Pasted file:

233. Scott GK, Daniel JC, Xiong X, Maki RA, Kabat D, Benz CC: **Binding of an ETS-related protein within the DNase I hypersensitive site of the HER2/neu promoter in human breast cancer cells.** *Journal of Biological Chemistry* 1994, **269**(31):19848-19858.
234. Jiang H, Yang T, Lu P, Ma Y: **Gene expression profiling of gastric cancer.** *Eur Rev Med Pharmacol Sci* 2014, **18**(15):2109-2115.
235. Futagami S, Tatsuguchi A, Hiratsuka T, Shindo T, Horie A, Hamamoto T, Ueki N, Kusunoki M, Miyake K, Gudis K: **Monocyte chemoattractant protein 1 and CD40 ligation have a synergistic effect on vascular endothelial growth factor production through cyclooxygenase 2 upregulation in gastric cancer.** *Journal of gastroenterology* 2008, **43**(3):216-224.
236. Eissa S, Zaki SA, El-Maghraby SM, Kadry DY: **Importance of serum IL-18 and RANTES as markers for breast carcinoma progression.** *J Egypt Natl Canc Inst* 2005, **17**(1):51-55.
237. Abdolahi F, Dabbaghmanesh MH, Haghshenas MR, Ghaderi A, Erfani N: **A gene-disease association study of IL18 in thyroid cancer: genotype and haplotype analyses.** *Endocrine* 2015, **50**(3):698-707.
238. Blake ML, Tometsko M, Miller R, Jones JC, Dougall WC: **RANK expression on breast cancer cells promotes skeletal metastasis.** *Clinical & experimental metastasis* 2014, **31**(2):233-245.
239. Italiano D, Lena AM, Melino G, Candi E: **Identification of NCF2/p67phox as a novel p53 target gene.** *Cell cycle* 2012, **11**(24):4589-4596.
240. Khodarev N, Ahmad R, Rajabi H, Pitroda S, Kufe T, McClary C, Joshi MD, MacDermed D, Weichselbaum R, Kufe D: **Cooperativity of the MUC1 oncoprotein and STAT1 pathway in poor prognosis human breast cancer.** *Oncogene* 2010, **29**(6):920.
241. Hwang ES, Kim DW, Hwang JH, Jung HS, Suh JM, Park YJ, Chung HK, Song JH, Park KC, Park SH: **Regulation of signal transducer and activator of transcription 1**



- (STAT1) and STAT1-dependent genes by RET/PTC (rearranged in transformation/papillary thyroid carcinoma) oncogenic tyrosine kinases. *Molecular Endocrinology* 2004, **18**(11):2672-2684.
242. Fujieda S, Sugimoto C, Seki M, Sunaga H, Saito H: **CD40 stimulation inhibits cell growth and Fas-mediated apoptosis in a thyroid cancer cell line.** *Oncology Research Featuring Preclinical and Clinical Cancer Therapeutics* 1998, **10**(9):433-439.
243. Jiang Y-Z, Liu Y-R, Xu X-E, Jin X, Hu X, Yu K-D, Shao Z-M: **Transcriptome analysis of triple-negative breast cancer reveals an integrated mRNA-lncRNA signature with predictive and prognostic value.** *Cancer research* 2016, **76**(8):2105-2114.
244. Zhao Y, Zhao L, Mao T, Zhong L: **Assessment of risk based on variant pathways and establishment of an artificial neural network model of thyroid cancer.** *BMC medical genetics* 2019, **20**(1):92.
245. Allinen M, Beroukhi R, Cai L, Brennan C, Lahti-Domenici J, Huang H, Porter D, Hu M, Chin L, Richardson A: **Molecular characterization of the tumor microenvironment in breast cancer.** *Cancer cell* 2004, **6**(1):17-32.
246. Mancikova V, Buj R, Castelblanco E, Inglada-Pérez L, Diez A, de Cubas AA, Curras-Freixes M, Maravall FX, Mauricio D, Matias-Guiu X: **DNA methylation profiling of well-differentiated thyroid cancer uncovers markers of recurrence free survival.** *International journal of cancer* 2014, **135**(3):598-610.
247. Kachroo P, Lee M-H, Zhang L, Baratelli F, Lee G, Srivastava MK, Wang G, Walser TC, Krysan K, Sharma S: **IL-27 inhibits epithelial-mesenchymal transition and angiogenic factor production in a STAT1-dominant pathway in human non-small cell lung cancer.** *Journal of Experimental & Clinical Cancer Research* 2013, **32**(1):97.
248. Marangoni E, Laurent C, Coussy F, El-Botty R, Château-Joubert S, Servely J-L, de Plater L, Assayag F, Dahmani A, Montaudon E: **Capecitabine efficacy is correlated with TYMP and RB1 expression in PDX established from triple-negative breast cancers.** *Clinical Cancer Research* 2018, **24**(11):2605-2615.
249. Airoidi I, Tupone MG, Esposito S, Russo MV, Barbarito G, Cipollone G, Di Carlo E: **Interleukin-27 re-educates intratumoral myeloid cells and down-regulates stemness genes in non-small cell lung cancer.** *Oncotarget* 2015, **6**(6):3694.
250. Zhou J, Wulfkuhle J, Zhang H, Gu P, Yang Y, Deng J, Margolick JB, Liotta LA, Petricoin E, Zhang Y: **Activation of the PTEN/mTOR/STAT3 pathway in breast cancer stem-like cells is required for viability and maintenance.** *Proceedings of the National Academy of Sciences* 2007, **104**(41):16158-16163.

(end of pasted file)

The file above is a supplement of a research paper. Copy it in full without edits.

233. Scott GK, Daniel JC, Xiong X, Maki RA, Kabat D, Benz CC: **Binding of an ETS-related protein within the DNase I hypersensitive site of the HER2/neu promoter in human breast cancer cells.** *Journal of Biological Chemistry* 1994, **269**(31):19848-19858.
234. Jiang H, Yang T, Lu P, Ma Y: **Gene expression profiling of gastric cancer.** *Eur Rev Med Pharmacol Sci* 2014, **18**(15):2109-2115.
235. Futagami S, Tatsuguchi A, Hiratsuka T, Shindo T, Horie A, Hamamoto T, Ueki N, Kusunoki M, Miyake K, Gudis K: **Monocyte chemoattractant protein 1 and CD40 ligation have a synergistic effect on vascular endothelial growth factor production through cyclooxygenase 2 upregulation in gastric cancer.** *Journal of gastroenterology* 2008, **43**(3):216-224.
236. Eissa S, Zaki SA, El-Maghraby SM, Kadry DY: **Importance of serum IL-18 and RANTES as markers for breast carcinoma progression.** *J Egypt Natl Canc Inst* 2005, **17**(1):51-55.
237. Abdolahi F, Dabbaghmanesh MH, Haghshenas MR, Ghaderi A, Erfani N: **A gene-disease association study of IL18 in thyroid cancer: genotype and haplotype analyses.** *Endocrine* 2015, **50**(3):698-707.
238. Blake ML, Tometsko M, Miller R, Jones JC, Dougall WC: **RANK expression on breast cancer cells promotes skeletal metastasis.** *Clinical & experimental metastasis* 2014, **31**(2):233-245.
239. Italiano D, Lena AM, Melino G, Candi E: **Identification of NCF2/p67phox as a novel p53 target gene.** *Cell cycle* 2012, **11**(24):4589-4596.
240. Khodarev N, Ahmad R, Rajabi H, Pitroda S, Kufe T, McClary C, Joshi MD, MacDermed D, Weichselbaum R, Kufe D: **Cooperativity of the MUC1 oncoprotein and STAT1 pathway in poor prognosis human breast cancer.** *Oncogene* 2010, **29**(6):920.
241. Hwang ES, Kim DW, Hwang JH, Jung HS, Suh JM, Park YJ, Chung HK, Song JH, Park KC, Park SH: **Regulation of signal transducer and activator of transcription 1**



- (STAT1) and STAT1-dependent genes by RET/PTC (rearranged in transformation/papillary thyroid carcinoma) oncogenic tyrosine kinases. *Molecular Endocrinology* 2004, **18**(11):2672-2684.
242. Fujieda S, Sugimoto C, Seki M, Sunaga H, Saito H: **CD40 stimulation inhibits cell growth and Fas-mediated apoptosis in a thyroid cancer cell line.** *Oncology Research Featuring Preclinical and Clinical Cancer Therapeutics* 1998, **10**(9):433-439.
243. Jiang Y-Z, Liu Y-R, Xu X-E, Jin X, Hu X, Yu K-D, Shao Z-M: **Transcriptome analysis of triple-negative breast cancer reveals an integrated mRNA-lncRNA signature with predictive and prognostic value.** *Cancer research* 2016, **76**(8):2105-2114.
244. Zhao Y, Zhao L, Mao T, Zhong L: **Assessment of risk based on variant pathways and establishment of an artificial neural network model of thyroid cancer.** *BMC medical genetics* 2019, **20**(1):92.
245. Allinen M, Beroukhi R, Cai L, Brennan C, Lahti-Domenici J, Huang H, Porter D, Hu M, Chin L, Richardson A: **Molecular characterization of the tumor microenvironment in breast cancer.** *Cancer cell* 2004, **6**(1):17-32.
246. Mancikova V, Buj R, Castelblanco E, Inglada-Pérez L, Diez A, de Cubas AA, Curras-Freixes M, Maravall FX, Mauricio D, Matias-Guiu X: **DNA methylation profiling of well-differentiated thyroid cancer uncovers markers of recurrence free survival.** *International journal of cancer* 2014, **135**(3):598-610.
247. Kachroo P, Lee M-H, Zhang L, Baratelli F, Lee G, Srivastava MK, Wang G, Walser TC, Krysan K, Sharma S: **IL-27 inhibits epithelial-mesenchymal transition and angiogenic factor production in a STAT1-dominant pathway in human non-small cell lung cancer.** *Journal of Experimental & Clinical Cancer Research* 2013, **32**(1):97.
248. Marangoni E, Laurent C, Coussy F, El-Botty R, Château-Joubert S, Servely J-L, de Plater L, Assayag F, Dahmani A, Montaudon E: **Capecitabine efficacy is correlated with TYMP and RB1 expression in PDX established from triple-negative breast cancers.** *Clinical Cancer Research* 2018, **24**(11):2605-2615.
249. Airoidi I, Tupone MG, Esposito S, Russo MV, Barbarito G, Cipollone G, Di Carlo E: **Interleukin-27 re-educates intratumoral myeloid cells and down-regulates stemness genes in non-small cell lung cancer.** *Oncotarget* 2015, **6**(6):3694.
250. Zhou J, Wulfkuhle J, Zhang H, Gu P, Yang Y, Deng J, Margolick JB, Liotta LA, Petricoin E, Zhang Y: **Activation of the PTEN/mTOR/STAT3 pathway in breast cancer stem-like cells is required for viability and maintenance.** *Proceedings of the National Academy of Sciences* 2007, **104**(41):16158-16163.